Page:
[0:30:01] MM: And because we love predictions, do you think that the stocks are going to be a good thing to be in for the future. Do you think they’re going to work out?
[0:30:11] TD: I think so. I’m always a big fan of stocks. I like them to be lower right now so that I could buy more but you can’t control that either but yeah, I don’t know. I’m fully into stocks whether it’s indexing or dividend stocks directly but completely stock market.
[0:30:30] MM: That’s a good point. That’s a little bit different too. A lot of the time, we don’t think about, “Hey, let’s just do some stocks all the time.” So we’ve got another guest with us to talk to you about financial experts.
[0:30:39] JS: Move over Miranda.
[0:30:40] MM: That’s right.
[0:30:41] JS: Watch out. This is my show now.
[0:30:43] MM: That’s right, Joe is here and he’s going to do Stacking Benjamins.
[0:30:47] JS: What’s happening?
[0:30:48] MM: So Joe, what your site is, which we already know, Stacking Benjamins so never mind and tell us what is the worst piece of financial advice you have heard?
[0:30:58] JS: Wow, you know what? I can’t think of one. I’m not that quick on my feet but I’ll tell you this, it’s usually when we have a rule of thumb. Just being a guy that was a financial adviser for 16 years, most rules of the thumb drive me crazy. Okay, here it is, invest your age in bonds. Has anybody said that one before?
[0:31:21] PA: Now I know, never mind.
[0:31:21] MM: What he’s talking about acid allocation.
[0:31:24] JS: Invest your age in bonds is the dumbest thing I’ve ever heard. Like what is that based on? It’s not based on your goal, it’s not based on when you need the money, it’s not based on anything, it’s, “You’re getting older so maybe you need more bonds.” No, you don’t. How’s that?
[0:31:36] MM: So what you’re saying is your financial plan should reflect what you actually want to do with yourself?
[0:31:41] JS: Isn’t that crazy?
[0:31:42] MM: I know, its nuts, you are so crazy.
[0:31:44] PA: That’s crazy.
[0:31:45] JS: Who’s thought of that? That’s the weirdest thing I’ve heard Miranda right there, yeah.
[0:31:49] MM: Thank you Joe. All right.
[0:31:50] PA: Who’s up?
[0:31:51] MM: Who’s up? Come on up.
[0:31:52] PA: Come on down.
[0:31:53] MM: Come on down. All right, welcome to the Money Mastermind Show.
[0:31:57] PA: Thanks for having us.
[0:31:58] MM: Yeah, so go ahead, tell us who you are, what your site is and what is the worst financial advice you’ve ever heard?
[0:32:04] TM: My name is Tai.
[0:32:05] TM: And I’m Talaat and we are from hisandhermoney.com. For us personally, the biggest mistake we made was…
[0:32:15] TM: Dumbest.
[0:32:15] TM: The dumbest, the dumbest and the biggest financial mistake that we made, the advice that was given to us was to take out a line of credit on our home, a HELOC, to then invest into investment real estate, which we did. So we took that $25,000 and we went out and got an investment property, we rehabbed the property. We listed the property back on the market and then the market crashed.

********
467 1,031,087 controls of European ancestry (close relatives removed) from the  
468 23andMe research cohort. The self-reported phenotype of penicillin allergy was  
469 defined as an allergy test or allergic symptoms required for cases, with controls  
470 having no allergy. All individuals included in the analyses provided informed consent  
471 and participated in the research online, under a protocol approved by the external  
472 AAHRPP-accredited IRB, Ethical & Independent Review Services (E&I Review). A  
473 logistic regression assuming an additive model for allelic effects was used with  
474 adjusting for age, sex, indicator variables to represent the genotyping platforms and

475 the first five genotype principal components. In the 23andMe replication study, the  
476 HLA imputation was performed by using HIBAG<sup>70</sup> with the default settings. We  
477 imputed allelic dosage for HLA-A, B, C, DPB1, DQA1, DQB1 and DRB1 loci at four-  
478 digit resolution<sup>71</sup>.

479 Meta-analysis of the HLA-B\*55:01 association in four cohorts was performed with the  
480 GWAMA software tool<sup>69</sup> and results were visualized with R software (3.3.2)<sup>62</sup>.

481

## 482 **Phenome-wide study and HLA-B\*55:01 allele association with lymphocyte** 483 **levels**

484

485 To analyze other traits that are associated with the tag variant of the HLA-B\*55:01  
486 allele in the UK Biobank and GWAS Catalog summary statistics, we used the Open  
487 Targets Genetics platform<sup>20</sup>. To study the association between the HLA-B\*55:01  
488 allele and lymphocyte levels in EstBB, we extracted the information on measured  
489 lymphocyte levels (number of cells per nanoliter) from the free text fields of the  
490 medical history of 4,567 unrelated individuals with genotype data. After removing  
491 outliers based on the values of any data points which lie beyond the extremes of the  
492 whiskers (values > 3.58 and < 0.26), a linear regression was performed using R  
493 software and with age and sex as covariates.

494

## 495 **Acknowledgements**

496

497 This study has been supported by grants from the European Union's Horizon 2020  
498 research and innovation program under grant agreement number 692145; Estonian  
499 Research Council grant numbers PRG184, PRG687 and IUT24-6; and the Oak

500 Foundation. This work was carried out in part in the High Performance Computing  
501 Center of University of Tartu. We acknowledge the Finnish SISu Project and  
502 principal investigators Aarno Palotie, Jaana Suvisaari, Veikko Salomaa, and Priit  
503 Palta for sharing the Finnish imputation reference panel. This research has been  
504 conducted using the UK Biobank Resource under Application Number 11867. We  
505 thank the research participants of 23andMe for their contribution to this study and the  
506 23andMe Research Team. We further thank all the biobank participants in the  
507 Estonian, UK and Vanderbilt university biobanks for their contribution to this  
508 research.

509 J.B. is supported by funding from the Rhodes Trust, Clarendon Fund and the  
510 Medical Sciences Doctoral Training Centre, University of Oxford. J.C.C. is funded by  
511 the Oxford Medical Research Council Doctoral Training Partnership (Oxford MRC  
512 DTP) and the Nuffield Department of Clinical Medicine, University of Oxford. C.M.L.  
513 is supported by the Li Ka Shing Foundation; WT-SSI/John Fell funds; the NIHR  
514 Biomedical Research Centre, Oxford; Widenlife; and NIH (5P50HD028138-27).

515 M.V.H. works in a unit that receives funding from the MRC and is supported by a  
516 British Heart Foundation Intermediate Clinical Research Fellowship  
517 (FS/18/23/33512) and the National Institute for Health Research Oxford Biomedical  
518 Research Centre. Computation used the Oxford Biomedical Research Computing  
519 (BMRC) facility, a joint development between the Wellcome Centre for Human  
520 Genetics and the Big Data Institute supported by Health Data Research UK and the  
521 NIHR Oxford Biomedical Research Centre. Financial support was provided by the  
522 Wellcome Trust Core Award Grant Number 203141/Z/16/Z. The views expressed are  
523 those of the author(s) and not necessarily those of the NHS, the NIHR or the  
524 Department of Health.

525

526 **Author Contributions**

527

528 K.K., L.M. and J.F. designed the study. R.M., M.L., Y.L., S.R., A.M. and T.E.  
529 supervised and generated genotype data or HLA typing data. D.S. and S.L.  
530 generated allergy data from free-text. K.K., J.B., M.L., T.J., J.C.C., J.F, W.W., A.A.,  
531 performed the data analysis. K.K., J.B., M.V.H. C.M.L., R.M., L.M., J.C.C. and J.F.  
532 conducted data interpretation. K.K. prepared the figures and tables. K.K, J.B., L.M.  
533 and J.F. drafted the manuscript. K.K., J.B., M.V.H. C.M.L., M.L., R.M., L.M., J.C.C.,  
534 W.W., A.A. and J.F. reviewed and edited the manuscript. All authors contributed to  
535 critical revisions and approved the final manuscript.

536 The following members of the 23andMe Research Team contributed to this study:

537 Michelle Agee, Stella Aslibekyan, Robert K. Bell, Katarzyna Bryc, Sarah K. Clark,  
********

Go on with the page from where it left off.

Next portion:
[0:32:41] TM: And it was his idea.
[0:32:43] PA: Bad timing to get.
[0:32:44] TM: Yes and so due to that sound advice that I got from the professionals, we now had two houses that we were responsible for, two tax bills, two sets of utility bills and we were just newly married.
[0:33:00] TM: At that time, we were pregnant.
[0:33:01] TM: We were just newly married and a child on the way and two mortgages, thanks to that wonderful advice to take out money from our primary residence to go into an investment property. So we had an extra home for a year.
[0:33:17] MM: So, just out of curiosity, you don’t have to name names or anything but what was the profession, was this like a financial planner, was this a real estate guru, who was this? Where did you get this advice?
[0:33:28] TM: It was our friend/real estate guru.
[0:33:32] MM: I see.
[0:33:32] TM: Because that’s the way everybody was getting properties at that time. It was the “other people’s money” was the way to go in real estate. Why use your money when you can use other people’s money?
[0:33:42] MM: Yeah, I see. That’s interesting and it goes back to what Steve is talking about when he was taking advice from friends. So thank you so much for joining us and talking about that.
[0:33:52] PA: Sometimes that’s a commonality with bad advice that people will get is that it sounds too good to be true. It really resonates. It sounds like it’s a really good deal but in the end if you actually look at it, it’s not that great of a deal.
[0:34:05] MM: That’s right so let’s talk a little bit about these things that seem like a good deals and it might be sound advice but it really isn’t. So how can you sniff that out? How can you sniff out, Tom we’ll start with you Mr. Financial Analyst. How can you sniff out the bad advice? How can you see?
[0:34:23] TD: I’ve got a list here.
[0:34:24] MM: Oh never mind, I guess…
[0:34:25] TD: It came from David Freeman and his book Wrong: Why experts keep failing us.
[0:34:29] MM: Oh okay, okay cue.
[0:34:31] TD: He says some commonalities with bad advice, first of all that bad advice is often very simplistic and keep it very simple and it makes it sound very good, very easy to do. In reality, it’s probably not going to be as simple as it looks. Another thing is that it definite, it’s universal and it’s very certain of saying, “If you do this, this will happen” when in reality, maybe markets go up or down. It’s not as certain as they said and it finally, that it resonates. Often, the bad advice we’re given resonates more because it’s simplistic, certain and it tell us what we want to hear. So somethings to look out for.